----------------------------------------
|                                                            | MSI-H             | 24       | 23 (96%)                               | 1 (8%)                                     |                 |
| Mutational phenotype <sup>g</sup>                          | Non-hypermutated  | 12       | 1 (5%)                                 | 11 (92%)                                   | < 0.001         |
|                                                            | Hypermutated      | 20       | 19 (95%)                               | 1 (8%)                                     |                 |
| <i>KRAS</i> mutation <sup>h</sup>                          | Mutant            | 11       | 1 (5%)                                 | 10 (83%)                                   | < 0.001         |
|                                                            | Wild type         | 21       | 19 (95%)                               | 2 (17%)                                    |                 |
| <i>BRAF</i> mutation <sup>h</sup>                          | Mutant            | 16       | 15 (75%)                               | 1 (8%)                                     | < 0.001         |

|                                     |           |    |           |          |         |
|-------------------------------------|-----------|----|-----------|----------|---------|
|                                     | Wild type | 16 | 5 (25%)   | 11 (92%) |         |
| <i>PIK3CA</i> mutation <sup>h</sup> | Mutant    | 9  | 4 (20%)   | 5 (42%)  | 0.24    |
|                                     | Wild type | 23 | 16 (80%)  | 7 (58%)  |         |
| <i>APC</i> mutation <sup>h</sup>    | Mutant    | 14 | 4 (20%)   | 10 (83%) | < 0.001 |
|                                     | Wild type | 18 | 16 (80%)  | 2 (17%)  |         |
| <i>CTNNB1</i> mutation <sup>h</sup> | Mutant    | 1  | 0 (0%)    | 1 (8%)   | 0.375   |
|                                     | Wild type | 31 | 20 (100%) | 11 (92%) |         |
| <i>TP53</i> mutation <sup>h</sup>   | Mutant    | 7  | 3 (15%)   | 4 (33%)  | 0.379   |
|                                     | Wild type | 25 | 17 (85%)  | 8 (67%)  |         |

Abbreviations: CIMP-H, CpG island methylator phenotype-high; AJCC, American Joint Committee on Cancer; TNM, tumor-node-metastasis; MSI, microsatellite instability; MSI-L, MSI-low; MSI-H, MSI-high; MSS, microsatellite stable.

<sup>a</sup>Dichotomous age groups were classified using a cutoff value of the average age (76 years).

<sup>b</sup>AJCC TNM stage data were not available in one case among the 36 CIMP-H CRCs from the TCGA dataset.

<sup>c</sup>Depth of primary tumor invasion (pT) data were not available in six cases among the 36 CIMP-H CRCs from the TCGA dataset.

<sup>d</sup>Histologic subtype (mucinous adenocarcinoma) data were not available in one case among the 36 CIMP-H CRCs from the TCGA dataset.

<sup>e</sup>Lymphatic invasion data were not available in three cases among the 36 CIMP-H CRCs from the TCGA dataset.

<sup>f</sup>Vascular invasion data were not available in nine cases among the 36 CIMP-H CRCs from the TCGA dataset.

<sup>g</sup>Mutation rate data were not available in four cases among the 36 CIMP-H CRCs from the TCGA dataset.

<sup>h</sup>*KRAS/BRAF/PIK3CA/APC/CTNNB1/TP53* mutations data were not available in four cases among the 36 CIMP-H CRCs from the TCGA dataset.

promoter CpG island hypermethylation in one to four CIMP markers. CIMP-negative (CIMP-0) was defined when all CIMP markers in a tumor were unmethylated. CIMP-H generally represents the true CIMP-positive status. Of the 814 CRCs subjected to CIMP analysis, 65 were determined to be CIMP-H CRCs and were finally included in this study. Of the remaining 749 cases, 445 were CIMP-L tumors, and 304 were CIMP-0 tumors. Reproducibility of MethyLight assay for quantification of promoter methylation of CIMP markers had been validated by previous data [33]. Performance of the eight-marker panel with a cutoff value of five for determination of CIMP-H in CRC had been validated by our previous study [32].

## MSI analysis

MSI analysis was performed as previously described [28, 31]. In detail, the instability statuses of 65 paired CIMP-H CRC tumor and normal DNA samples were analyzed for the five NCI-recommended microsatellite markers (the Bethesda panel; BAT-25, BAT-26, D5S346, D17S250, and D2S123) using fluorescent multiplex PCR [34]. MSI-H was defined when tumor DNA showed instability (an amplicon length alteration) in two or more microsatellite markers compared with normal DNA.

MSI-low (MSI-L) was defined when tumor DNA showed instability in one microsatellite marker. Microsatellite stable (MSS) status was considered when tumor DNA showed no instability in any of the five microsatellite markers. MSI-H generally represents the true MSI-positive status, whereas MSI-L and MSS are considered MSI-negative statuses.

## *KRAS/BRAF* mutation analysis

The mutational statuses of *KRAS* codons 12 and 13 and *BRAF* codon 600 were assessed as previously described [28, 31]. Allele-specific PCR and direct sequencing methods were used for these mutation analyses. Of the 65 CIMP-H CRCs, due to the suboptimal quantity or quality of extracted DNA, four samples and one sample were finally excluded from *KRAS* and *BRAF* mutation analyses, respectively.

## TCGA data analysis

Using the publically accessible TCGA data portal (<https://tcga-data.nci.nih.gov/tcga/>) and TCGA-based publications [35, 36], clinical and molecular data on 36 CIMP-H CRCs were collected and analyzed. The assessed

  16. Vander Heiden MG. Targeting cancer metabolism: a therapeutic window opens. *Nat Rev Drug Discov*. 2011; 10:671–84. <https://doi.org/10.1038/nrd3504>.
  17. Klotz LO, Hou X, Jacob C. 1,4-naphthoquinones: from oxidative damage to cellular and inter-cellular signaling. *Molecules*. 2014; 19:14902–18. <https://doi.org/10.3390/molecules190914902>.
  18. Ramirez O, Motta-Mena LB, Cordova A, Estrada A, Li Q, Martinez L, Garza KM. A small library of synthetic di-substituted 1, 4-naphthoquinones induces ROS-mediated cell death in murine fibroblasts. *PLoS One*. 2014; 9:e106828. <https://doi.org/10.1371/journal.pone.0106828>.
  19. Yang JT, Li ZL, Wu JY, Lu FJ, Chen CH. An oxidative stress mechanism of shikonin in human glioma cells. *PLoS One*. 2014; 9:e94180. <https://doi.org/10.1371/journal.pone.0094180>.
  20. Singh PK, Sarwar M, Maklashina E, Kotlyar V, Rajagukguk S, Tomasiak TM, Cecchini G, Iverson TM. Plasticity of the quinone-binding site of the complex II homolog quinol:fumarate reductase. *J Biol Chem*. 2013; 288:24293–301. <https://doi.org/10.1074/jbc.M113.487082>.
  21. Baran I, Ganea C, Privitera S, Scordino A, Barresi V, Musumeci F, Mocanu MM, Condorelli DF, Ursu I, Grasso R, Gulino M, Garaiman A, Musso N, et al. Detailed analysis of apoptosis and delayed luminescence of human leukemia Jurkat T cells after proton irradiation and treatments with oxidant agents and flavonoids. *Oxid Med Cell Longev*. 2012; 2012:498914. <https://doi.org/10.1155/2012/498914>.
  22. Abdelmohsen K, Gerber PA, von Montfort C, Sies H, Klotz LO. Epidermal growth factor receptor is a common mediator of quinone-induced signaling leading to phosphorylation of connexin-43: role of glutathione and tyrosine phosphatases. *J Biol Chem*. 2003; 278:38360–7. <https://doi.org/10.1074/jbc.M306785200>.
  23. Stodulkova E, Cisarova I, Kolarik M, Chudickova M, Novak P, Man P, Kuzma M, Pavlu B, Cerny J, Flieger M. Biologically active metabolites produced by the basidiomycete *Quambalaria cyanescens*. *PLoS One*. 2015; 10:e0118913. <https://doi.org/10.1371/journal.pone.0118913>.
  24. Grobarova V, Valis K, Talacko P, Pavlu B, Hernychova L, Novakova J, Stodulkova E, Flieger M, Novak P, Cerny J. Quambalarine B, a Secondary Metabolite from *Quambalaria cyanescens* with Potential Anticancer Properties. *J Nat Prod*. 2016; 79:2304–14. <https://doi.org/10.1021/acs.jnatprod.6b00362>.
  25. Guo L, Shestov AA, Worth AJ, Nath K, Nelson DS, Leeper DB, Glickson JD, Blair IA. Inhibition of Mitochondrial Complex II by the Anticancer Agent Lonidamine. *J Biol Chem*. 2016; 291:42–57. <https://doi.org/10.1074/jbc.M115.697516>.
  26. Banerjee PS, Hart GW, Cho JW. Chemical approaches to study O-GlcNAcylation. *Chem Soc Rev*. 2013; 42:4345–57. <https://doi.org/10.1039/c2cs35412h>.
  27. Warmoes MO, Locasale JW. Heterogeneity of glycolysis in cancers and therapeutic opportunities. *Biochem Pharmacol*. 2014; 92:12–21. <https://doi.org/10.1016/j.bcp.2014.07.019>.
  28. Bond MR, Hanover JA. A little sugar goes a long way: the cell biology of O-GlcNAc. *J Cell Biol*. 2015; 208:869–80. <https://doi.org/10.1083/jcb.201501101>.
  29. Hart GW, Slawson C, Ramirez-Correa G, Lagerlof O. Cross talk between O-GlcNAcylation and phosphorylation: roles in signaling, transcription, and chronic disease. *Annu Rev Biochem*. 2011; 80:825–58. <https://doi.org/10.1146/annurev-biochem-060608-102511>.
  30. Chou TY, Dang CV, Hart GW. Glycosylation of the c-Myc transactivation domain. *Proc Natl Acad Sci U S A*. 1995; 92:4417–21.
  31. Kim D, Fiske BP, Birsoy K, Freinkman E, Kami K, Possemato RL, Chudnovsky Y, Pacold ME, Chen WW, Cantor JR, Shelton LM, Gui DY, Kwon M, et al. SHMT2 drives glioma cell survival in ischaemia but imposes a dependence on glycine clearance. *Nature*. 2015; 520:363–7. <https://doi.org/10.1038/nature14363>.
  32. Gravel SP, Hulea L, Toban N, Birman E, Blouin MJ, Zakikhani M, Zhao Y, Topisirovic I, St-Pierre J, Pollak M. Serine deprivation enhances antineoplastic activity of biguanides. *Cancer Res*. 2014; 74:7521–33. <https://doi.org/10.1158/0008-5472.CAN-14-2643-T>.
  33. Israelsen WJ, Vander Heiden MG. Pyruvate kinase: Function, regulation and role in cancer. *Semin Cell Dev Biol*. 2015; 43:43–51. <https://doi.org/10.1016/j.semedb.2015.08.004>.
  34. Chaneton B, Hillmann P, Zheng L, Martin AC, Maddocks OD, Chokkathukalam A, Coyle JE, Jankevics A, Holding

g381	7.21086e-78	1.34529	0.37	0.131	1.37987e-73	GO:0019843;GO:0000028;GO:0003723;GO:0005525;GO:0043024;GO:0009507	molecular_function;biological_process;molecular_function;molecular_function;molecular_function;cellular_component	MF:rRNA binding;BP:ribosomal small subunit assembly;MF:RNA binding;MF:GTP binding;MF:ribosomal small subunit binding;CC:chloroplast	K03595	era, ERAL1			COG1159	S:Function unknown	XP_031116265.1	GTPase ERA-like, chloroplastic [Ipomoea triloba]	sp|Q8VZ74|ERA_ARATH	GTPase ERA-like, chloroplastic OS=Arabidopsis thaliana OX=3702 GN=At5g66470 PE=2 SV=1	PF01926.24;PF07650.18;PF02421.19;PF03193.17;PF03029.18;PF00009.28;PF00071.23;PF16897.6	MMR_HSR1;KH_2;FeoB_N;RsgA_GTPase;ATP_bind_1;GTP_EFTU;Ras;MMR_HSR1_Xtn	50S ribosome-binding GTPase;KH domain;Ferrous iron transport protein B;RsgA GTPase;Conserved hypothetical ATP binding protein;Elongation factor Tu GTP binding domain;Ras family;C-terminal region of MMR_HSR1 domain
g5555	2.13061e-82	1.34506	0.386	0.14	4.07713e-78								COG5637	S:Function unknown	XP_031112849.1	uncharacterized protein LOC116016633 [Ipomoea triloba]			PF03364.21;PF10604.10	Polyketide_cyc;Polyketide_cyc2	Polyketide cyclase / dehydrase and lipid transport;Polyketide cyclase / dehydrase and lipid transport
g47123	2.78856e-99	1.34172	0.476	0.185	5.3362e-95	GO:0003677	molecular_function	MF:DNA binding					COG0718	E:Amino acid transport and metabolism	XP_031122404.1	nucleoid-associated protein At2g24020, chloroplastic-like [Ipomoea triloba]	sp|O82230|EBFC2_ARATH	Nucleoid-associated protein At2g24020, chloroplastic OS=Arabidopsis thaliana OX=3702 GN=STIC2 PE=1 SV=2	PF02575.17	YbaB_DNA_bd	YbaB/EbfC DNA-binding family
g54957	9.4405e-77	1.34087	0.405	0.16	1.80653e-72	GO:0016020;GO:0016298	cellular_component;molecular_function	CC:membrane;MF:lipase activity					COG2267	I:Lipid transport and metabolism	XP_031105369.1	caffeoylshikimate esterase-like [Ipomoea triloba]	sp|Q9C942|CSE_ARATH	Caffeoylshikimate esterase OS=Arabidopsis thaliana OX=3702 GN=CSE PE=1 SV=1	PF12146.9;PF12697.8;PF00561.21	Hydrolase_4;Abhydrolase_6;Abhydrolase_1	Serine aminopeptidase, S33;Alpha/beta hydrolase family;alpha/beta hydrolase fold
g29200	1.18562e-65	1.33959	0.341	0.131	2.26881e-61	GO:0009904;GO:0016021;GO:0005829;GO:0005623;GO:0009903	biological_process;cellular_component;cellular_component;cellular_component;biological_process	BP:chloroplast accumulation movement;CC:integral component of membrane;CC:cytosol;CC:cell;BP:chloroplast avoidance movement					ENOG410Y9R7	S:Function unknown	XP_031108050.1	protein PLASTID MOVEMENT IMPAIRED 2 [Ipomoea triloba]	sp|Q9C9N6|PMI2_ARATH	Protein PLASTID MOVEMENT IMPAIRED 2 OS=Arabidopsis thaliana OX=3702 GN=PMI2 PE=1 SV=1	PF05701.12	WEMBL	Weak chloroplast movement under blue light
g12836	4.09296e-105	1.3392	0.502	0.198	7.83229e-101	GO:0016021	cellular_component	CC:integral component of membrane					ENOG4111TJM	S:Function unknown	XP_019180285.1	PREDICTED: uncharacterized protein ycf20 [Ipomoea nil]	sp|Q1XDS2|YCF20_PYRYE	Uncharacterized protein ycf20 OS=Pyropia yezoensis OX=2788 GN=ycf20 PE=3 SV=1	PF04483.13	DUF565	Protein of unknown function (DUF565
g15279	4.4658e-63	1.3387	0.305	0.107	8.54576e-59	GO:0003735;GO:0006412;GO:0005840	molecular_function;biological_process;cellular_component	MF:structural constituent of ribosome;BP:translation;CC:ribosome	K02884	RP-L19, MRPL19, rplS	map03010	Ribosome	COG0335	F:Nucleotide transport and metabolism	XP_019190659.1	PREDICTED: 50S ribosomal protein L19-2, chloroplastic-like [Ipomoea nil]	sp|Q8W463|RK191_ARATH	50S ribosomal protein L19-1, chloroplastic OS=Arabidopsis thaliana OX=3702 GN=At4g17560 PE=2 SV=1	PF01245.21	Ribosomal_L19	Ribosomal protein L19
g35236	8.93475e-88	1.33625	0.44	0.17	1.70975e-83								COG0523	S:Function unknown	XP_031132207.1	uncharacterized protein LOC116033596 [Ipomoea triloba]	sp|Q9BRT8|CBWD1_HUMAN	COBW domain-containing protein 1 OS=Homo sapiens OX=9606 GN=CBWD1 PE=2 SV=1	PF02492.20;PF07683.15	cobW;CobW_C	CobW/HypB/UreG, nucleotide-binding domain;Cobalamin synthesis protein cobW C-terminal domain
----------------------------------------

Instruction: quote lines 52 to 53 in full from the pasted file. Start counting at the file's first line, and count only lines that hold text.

  33. Israelsen WJ, Vander Heiden MG. Pyruvate kinase: Function, regulation and role in cancer. *Semin Cell Dev Biol*. 2015; 43:43–51. <https://doi.org/10.1016/j.semedb.2015.08.004>.
  34. Chaneton B, Hillmann P, Zheng L, Martin AC, Maddocks OD, Chokkathukalam A, Coyle JE, Jankevics A, Holding